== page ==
Contact us via voice mail at (714) 825-8432, or by e-mail: Or write to Letters to the Editor, OC Weekly, P.O. Box 10788, Costa Mesa, CA 92627. Or fax: (714) 708-8410. Letters may be edited for clarity and length. All correspondence must include your home city or service provider and a daytime phone number.NOT GUILTLESSThank you for bringing attention to the issue of using juveniles to fight the "war on drugs" and the legislation dealing with this issue ("Cops: 'Hooray for Child Labor!'" Sept. 18). You correctly mentioned that AB 2816, the Juvenile Informants Bill, was a result of the torture and murder of 17-year-old Chad MacDonald, who had served as an informant for the Brea Police Department.While you correctly pointed out the bill was altered from its original language, your characterizations that law-enforcement officials gutted Chad's Law and that "the bill now facing Wilson would likely have no effect on MacDonald's case" are incorrect.There were four key issues in the MacDonald case that were considered in drafting the final version of the bill, which would have precluded MacDonald from being used as an informant. First, AB 2816 requires, among other things, that a judge inform the minor and the parent of the mandatory minimum and maximum consequence for the underlying offense. MacDonald's mother related to me that she was told her son would have to serve hard time in prison for his offense, but the juvenile court's presiding judge said the worst punishment for MacDonald would have been six months in a drug-diversion program. Mrs. MacDonald told me she would have never consented to her son being used as an informant had she known what his real punishment would have been.Second, Mrs. MacDonald was told her son was caught with "a lot" of drugs at the time of his arrest. She was not given a precise amount, which left her with the impression that MacDonald had a very large quantity of drugs. We know that the drugs in question were about 11 grams of methamphetamine. A judge would have taken the time to properly explain to Mrs. MacDonald that 11 grams is, in fact, not a large quantity of drugs.Third, Mrs. MacDonald related to me that the police discouraged and/or prohibited her from consulting her friends and family as to whether she was doing the right thing. In fact, she indicated that the police told her the "deal" was only good for a short time that day. Mrs. MacDonald appears to have been under a great deal of pressure to make a very serious decision quickly, with little and/or false information. A judge would not only have clarified the false information, but the court process itself would also have provided Mrs. MacDonald with ample time to evaluate her options. While the police assert that they have no responsibility for MacDonald's death because he and his mother signed a consent form, it appears that the "consent" was not "informed consent."Finally, I spoke to several judges and narcotics officers about whether a judge would authorize putting the life of a young person like MacDonald in jeopardy. They all said no. While MacDonald was probably not a model citizen, no judge would have authorized sending a kid into harm's way.Based on the foregoing factors, it is clear MacDonald would not have ever been used as an informant if AB 2816 was in effect at the time of his death. While it is my belief that law enforcement should not use juveniles as informants at all, we didn't have the votes in the state legislature to obtain a complete ban. Instead, we have crafted a law that pragmatically stops law enforcement from using juveniles in the so-called war on drugs. This approach was far superior to seeing a complete ban die in committee.-Scott Baugh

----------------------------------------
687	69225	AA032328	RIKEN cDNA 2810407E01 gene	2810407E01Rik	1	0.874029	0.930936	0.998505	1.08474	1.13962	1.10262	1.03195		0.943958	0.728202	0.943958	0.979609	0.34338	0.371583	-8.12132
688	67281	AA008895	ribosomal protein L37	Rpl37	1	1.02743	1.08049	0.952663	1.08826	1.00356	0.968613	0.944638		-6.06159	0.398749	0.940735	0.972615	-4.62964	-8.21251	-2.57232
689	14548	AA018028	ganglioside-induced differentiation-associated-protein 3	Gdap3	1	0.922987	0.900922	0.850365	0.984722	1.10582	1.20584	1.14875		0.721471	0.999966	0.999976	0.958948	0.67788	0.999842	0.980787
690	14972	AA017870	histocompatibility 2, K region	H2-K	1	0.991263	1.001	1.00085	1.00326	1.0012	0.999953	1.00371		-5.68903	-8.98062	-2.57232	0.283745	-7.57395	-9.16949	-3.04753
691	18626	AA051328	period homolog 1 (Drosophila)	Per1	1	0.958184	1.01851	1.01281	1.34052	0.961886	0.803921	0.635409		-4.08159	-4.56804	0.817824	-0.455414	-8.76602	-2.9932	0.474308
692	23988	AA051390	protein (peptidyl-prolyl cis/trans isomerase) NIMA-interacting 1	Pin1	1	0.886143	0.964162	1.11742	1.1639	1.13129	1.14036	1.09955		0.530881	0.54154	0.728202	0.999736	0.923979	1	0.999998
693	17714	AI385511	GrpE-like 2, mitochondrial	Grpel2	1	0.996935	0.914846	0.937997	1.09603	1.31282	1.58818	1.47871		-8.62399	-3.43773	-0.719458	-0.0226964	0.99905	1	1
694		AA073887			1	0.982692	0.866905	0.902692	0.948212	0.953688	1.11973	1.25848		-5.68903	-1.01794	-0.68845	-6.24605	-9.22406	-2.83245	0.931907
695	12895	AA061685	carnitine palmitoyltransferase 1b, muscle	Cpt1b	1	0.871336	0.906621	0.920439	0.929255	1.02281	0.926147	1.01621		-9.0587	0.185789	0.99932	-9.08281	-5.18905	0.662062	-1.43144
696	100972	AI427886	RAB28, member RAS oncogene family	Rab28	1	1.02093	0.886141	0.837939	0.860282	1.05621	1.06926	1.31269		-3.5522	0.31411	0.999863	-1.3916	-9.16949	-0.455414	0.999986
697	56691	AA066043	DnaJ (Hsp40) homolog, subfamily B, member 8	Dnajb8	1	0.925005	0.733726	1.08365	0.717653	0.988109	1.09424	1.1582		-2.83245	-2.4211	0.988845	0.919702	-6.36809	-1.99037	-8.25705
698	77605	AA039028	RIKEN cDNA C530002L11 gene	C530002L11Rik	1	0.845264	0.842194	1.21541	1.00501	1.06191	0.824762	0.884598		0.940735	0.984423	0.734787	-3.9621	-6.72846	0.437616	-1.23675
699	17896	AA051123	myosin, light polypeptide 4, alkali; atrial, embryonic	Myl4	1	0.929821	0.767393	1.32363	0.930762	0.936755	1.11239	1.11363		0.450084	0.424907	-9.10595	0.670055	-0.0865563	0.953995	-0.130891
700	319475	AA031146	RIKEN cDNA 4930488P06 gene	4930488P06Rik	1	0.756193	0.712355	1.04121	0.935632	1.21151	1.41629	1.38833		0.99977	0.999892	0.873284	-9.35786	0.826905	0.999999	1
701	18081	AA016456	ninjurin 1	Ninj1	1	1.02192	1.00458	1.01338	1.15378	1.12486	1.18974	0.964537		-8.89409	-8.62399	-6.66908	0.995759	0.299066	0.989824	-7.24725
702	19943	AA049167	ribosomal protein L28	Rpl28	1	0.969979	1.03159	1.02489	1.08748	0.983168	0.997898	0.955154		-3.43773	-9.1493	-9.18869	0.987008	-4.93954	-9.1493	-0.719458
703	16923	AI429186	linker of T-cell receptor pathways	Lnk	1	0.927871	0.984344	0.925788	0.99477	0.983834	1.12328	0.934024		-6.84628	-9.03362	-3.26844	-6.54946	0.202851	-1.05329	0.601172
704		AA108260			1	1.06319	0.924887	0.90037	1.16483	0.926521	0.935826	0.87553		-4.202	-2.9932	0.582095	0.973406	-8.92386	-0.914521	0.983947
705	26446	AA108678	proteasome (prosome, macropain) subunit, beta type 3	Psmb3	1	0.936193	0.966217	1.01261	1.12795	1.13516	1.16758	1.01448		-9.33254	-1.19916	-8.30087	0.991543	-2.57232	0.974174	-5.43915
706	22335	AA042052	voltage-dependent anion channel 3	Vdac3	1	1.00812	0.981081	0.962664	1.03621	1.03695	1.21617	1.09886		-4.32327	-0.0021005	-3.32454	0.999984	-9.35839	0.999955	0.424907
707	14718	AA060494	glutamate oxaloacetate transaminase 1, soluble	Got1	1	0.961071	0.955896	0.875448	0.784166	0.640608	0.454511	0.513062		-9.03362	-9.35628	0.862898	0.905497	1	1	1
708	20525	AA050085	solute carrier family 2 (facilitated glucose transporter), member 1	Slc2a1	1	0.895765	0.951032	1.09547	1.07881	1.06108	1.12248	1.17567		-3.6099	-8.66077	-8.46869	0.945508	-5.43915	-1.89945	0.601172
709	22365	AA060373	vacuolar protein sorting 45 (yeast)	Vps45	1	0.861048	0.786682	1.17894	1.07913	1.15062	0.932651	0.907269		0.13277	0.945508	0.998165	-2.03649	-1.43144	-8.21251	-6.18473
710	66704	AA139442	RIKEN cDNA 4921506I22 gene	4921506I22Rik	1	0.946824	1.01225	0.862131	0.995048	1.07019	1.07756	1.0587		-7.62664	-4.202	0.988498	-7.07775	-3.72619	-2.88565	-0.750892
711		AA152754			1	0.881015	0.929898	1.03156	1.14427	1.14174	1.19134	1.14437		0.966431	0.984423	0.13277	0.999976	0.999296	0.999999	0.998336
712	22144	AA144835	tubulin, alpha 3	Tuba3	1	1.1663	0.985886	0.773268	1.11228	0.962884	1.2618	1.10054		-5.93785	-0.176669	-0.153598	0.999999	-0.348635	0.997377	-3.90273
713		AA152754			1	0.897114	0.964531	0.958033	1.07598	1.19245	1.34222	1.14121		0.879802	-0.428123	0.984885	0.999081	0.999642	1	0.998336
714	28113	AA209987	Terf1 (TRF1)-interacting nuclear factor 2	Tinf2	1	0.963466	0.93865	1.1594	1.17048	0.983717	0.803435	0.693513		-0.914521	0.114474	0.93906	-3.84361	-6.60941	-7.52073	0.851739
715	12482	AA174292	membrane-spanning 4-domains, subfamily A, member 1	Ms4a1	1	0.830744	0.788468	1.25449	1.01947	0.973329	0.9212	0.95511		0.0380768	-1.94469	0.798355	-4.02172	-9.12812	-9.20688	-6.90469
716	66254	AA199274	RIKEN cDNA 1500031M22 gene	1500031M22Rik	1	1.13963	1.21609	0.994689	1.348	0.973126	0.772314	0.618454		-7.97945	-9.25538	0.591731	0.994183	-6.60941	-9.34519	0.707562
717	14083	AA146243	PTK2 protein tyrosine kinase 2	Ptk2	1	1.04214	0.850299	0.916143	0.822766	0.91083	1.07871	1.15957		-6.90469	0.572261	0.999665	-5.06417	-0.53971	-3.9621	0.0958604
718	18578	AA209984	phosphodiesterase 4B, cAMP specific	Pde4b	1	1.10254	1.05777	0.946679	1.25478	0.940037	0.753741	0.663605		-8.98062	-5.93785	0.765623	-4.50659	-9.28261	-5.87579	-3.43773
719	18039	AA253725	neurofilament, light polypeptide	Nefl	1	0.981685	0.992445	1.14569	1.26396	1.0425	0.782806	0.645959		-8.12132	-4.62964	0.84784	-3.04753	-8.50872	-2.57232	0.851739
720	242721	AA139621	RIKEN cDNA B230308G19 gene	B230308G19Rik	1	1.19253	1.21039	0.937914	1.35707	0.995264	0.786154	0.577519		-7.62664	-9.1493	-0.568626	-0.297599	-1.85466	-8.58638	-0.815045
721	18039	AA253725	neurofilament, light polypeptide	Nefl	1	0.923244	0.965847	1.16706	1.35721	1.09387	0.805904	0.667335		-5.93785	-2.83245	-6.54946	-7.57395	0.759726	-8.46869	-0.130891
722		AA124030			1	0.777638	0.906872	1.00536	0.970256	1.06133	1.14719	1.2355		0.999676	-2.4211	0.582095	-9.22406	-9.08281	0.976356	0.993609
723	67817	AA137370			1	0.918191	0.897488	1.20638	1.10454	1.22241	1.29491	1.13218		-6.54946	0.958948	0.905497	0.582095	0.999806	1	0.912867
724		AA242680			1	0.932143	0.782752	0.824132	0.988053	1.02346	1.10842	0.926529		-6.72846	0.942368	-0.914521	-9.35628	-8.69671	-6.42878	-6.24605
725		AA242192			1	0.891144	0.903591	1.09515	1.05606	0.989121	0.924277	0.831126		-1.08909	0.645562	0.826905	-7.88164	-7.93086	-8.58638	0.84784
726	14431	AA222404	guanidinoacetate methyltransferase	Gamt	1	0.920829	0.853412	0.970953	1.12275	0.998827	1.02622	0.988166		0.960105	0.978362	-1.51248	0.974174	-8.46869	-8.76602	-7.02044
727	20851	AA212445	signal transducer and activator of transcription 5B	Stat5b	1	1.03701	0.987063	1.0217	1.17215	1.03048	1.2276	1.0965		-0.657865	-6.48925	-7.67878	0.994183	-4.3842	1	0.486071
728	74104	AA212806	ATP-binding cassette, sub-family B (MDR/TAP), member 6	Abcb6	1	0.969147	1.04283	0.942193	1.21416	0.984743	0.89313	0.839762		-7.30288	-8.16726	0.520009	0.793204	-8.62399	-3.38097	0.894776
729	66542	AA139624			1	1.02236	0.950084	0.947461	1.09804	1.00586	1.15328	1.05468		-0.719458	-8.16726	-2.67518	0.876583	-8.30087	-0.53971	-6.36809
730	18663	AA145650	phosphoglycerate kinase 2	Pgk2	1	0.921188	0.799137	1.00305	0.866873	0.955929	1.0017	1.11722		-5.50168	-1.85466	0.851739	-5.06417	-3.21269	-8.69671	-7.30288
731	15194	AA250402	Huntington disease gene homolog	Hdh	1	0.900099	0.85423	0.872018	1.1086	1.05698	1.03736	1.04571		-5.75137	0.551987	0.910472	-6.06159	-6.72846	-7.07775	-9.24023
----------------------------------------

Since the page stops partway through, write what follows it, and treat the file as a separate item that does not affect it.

Member of the Assembly
Huntington Beach

Nick Schou responds: I commend you for your leadership on the issue of police use of juvenile informants; you took a tough stand against a bad policy. But nothing in AB 2816 would actually prohibit someone like MacDonald from becoming a police informant in the future-unless, of course, we share your faith in the judiciary. I don't. Given your own rough treatment in the legal system, I find it heartening that you think any judge would stand in the way of a police department eager to enlist the service of a child in the all-consuming war on drugs.THE DEAD POOLI go away for two weeks, and your paper goes to hell. Literally. First, there's the hit piece on Harold Ezell, a man who, whatever his shortcomings, is dead ("Adios, Hypocrita," Sept. 4). And you have the temerity to: (a) call him an idiot (in Spanish), and (b) break in on his funeral and brag about it (Commie Girl, Sept. 4). Reminds me of the time another Orange County newspaper picked on Tom Riley while his corpse was still warm. Wait a minute-that was you guys, too. And there's your bizarre story about demons at the Irvine Spectrum (Fine Print, Sept. 11). Thanks for the warning, but I think you've got your iconography wrong. You see, the left hand (which you say has satanic resonance) is also featured in the title of a profound book of sociology and science fiction, Ursula K. Le Guin's Left Hand of Darkness. The title has 18 words, divided over three main words (not counting the preposition), which equals six times three, or 666. You see, two (or 666) can play this game.-L. Hilger

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